Recognising that the system for granting Lasting Powers of Attorney (LPA), is ‘cumbersome, bureaucratic and complex’, the Ministry of Justice and Office of the Public Guardian is seeking to simplify the process and implement a predominately digital service. The main problem is that those who grant LPAs are not ‘digital natives’. Taking the process online will alienate many of them, or worse, they might be taken advantage of by unscrupulous “helpers”.
Most people who make LPAs need help. They are often elderly: some are vulnerable and many do not trust the internet. The current paper system safeguards those at risk by finding out what people seeking an LPA really want and helping to prevent “the lovely neighbour”, who is actually a crook, from making and registering an LPA fraudulently.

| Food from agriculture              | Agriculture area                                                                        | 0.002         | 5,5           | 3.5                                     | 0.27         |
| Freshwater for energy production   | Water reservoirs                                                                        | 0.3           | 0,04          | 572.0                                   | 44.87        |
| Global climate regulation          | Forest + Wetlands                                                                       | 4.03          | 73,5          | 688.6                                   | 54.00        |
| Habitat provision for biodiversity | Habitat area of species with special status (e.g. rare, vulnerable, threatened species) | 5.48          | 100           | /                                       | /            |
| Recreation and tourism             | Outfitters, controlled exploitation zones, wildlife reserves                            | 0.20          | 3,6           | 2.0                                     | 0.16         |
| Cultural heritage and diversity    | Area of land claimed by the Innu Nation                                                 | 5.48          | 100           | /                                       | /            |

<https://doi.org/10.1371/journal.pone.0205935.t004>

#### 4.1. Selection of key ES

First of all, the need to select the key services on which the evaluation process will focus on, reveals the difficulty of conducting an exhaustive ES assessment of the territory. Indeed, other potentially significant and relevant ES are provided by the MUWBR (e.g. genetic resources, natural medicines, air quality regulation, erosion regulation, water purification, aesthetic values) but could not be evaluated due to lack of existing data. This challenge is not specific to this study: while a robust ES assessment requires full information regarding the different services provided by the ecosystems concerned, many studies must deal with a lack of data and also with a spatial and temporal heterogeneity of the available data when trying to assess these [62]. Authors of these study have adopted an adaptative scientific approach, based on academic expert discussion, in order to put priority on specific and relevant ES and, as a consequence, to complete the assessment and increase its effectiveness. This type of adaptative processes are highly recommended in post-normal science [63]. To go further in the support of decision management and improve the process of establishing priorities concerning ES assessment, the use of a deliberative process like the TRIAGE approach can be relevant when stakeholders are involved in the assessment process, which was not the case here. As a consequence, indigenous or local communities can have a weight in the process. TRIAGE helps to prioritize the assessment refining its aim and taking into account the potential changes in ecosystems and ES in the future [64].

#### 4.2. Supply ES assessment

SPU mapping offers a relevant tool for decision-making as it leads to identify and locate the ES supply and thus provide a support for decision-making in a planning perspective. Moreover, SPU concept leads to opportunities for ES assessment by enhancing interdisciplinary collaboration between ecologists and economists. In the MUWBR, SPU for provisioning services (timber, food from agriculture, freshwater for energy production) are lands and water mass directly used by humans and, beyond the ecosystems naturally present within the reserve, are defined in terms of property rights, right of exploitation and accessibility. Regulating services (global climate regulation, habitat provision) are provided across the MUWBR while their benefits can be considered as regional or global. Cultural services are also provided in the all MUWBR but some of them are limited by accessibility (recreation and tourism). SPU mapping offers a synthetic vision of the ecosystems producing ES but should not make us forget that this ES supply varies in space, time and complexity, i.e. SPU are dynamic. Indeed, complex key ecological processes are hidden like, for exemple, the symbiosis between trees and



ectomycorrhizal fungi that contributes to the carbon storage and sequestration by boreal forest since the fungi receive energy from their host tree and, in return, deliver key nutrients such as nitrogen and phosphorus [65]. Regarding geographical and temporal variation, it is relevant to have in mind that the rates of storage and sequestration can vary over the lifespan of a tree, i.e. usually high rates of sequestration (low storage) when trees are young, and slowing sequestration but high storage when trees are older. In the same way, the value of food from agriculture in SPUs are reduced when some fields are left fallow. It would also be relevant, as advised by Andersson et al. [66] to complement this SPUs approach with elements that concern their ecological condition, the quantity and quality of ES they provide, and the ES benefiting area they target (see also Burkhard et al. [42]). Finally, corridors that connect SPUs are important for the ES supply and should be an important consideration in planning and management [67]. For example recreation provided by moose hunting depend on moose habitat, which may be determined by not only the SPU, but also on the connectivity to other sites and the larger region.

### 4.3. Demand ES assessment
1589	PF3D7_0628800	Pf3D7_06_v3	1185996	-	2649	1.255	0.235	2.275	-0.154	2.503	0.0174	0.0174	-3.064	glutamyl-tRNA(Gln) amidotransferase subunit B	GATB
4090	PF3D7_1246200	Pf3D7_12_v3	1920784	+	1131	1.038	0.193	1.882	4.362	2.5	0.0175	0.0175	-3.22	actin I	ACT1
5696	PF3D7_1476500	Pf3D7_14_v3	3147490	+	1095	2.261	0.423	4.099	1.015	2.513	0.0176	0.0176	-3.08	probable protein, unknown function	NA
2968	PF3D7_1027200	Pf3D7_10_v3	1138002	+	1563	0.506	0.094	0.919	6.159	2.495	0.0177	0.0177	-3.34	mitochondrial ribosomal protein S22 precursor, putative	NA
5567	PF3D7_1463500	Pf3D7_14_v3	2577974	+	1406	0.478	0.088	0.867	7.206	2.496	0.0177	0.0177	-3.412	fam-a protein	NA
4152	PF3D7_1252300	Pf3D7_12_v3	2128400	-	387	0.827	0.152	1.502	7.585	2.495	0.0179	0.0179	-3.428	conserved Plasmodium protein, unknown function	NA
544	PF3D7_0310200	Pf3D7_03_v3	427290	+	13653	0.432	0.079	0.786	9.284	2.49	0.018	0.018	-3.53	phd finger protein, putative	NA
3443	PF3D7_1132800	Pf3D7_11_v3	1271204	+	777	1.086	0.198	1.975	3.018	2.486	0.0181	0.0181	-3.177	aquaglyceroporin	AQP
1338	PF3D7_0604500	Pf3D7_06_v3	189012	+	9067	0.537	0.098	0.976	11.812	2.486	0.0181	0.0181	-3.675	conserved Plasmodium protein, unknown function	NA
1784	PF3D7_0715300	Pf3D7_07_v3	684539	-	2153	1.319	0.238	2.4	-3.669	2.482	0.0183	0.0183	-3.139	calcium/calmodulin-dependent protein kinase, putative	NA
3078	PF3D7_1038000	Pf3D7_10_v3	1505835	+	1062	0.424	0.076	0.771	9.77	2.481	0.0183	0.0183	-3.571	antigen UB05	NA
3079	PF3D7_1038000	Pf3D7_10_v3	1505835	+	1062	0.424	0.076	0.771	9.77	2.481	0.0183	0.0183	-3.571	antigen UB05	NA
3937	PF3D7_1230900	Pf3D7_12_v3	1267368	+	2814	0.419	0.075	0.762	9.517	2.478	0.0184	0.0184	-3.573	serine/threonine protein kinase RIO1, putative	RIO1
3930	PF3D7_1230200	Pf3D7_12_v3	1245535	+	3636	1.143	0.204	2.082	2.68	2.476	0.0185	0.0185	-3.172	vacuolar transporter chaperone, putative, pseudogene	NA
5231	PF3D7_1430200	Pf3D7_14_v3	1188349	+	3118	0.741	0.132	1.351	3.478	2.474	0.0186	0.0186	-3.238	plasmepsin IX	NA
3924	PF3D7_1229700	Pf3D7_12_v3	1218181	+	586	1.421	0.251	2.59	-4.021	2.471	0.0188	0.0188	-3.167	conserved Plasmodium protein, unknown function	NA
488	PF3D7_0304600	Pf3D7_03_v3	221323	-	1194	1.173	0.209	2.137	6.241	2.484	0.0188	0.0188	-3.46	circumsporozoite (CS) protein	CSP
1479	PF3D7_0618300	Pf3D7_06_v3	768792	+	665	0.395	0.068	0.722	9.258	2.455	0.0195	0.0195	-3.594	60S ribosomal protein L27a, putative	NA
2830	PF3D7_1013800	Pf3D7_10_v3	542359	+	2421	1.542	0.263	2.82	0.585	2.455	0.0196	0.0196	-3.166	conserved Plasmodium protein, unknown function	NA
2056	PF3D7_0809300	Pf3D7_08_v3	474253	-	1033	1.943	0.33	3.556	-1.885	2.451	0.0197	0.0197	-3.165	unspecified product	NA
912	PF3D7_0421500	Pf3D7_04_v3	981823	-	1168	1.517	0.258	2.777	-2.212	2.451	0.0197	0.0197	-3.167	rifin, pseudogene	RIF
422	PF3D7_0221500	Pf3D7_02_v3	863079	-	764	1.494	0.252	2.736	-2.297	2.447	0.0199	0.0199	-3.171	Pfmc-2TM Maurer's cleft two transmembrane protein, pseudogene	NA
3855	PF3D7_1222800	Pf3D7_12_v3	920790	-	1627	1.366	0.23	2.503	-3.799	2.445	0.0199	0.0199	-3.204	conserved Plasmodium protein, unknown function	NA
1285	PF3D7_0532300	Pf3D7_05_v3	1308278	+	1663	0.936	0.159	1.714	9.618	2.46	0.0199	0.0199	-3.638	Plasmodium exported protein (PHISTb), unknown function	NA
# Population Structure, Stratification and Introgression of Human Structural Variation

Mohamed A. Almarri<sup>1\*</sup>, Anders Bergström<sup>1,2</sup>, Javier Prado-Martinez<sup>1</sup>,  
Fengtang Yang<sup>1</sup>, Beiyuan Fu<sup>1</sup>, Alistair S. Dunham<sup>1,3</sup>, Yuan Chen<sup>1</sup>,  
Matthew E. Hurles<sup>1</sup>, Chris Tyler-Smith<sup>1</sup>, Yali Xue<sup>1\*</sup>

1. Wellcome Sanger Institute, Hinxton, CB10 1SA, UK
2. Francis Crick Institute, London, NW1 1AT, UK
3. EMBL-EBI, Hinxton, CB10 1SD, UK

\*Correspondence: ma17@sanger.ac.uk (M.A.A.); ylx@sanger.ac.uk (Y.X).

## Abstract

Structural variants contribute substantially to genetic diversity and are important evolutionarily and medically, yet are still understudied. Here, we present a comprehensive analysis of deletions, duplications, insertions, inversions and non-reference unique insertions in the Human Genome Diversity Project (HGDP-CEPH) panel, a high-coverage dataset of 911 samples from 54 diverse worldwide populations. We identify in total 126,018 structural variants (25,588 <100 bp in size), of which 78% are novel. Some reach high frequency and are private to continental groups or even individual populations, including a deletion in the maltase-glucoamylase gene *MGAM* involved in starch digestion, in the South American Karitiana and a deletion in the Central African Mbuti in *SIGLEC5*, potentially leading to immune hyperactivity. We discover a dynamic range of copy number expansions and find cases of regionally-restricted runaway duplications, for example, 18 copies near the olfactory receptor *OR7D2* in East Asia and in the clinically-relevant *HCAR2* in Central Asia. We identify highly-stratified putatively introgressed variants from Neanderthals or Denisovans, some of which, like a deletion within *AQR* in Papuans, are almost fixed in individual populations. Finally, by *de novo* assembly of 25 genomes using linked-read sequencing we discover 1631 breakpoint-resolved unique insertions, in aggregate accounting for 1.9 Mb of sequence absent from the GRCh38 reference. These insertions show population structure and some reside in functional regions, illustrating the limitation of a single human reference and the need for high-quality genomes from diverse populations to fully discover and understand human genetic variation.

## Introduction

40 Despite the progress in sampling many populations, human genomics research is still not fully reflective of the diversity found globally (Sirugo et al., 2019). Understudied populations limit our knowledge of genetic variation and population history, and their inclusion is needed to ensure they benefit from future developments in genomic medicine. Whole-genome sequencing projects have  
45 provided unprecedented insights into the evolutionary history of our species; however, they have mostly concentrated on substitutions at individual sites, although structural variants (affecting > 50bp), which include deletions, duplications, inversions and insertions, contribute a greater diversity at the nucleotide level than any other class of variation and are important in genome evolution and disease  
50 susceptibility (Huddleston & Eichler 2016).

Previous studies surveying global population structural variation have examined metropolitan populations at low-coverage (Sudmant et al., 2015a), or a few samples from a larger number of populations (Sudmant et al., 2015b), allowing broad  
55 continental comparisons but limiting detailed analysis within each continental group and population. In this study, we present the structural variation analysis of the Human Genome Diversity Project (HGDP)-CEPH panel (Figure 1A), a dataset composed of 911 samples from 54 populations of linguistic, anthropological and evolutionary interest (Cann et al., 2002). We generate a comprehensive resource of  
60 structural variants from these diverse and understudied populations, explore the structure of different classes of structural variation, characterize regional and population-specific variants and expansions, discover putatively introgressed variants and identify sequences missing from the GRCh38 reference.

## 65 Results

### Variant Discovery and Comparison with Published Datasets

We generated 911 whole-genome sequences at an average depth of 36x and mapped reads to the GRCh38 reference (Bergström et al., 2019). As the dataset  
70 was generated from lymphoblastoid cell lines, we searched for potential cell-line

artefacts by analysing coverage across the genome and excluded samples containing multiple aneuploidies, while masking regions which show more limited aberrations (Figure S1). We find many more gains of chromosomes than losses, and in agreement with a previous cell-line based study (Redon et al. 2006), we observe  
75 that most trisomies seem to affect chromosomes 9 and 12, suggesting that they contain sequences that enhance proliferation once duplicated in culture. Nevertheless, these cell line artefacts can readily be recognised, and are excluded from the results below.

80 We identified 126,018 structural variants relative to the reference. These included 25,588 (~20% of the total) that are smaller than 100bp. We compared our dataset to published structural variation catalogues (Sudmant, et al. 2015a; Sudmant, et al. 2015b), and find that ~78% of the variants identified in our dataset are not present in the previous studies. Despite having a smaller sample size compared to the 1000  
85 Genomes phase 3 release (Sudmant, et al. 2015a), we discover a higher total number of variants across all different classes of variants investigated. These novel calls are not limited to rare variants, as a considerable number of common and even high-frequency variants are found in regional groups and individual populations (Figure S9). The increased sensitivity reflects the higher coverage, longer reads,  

Advice and protection offered to people considering an LPA online may be limited. Although LPAs require a set form, there are many important choices, such as the identity of the attorneys, whether or not they can sell the house, or open and close accounts. If the process is as poor as online applications for probate have been, many LPAs will not fulfill individual needs because relevant points are not considered.
LPAs are complex with potentially very serious repercussions. The current system is not without flaws, but migrating the application online will not ameliorate them.
Delays in implementation exist not because of the process by which an LPA is created, but because staff in relevant financial organisations lack appropriate knowledge. Providing attorneys with access codes will not solve that problem, but may instead give unscrupulous attorneys greater scope to embezzle funds.
The current process could benefit from pragmatic change, but a digital only solution fails to serve those who have the greatest need to make LPAs. Hopefully, decision makers will agree.
Published in The Legal Diary – 05 November 2021